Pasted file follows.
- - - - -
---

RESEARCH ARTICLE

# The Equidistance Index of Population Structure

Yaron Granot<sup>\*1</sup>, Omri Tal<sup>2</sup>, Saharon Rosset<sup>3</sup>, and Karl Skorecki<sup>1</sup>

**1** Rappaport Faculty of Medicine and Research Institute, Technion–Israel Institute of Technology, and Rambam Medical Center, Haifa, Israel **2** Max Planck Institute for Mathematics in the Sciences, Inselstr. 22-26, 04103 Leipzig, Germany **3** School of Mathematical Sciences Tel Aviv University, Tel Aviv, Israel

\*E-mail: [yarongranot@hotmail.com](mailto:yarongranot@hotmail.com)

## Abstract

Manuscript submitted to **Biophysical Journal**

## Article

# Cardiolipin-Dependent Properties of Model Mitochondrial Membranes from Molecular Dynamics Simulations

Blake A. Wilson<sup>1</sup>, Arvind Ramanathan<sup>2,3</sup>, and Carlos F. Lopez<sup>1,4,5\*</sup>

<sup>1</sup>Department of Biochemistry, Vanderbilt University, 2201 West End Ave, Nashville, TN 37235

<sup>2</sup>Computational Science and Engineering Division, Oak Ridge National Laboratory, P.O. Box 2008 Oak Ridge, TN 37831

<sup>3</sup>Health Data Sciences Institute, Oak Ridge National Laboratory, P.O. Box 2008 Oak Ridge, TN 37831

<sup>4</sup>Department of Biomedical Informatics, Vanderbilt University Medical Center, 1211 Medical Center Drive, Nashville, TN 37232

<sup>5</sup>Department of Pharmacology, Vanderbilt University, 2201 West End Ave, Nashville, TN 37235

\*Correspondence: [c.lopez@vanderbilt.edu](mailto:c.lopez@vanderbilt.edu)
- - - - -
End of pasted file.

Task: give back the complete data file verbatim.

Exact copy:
---

RESEARCH ARTICLE

# The Equidistance Index of Population Structure

Yaron Granot<sup>\*1</sup>, Omri Tal<sup>2</sup>, Saharon Rosset<sup>3</sup>, and Karl Skorecki<sup>1</sup>

**1** Rappaport Faculty of Medicine and Research Institute, Technion–Israel Institute of Technology, and Rambam Medical Center, Haifa, Israel **2** Max Planck Institute for Mathematics in the Sciences, Inselstr. 22-26, 04103 Leipzig, Germany **3** School of Mathematical Sciences Tel Aviv University, Tel Aviv, Israel

\*E-mail: [yarongranot@hotmail.com](mailto:yarongranot@hotmail.com)

## Abstract

Manuscript submitted to **Biophysical Journal**

## Article

# Cardiolipin-Dependent Properties of Model Mitochondrial Membranes from Molecular Dynamics Simulations

Blake A. Wilson<sup>1</sup>, Arvind Ramanathan<sup>2,3</sup>, and Carlos F. Lopez<sup>1,4,5\*</sup>

<sup>1</sup>Department of Biochemistry, Vanderbilt University, 2201 West End Ave, Nashville, TN 37235

<sup>2</sup>Computational Science and Engineering Division, Oak Ridge National Laboratory, P.O. Box 2008 Oak Ridge, TN 37831

<sup>3</sup>Health Data Sciences Institute, Oak Ridge National Laboratory, P.O. Box 2008 Oak Ridge, TN 37831

<sup>4</sup>Department of Biomedical Informatics, Vanderbilt University Medical Center, 1211 Medical Center Drive, Nashville, TN 37232

<sup>5</sup>Department of Pharmacology, Vanderbilt University, 2201 West End Ave, Nashville, TN 37235

\*Correspondence: [c.lopez@vanderbilt.edu](mailto:c.lopez@vanderbilt.edu)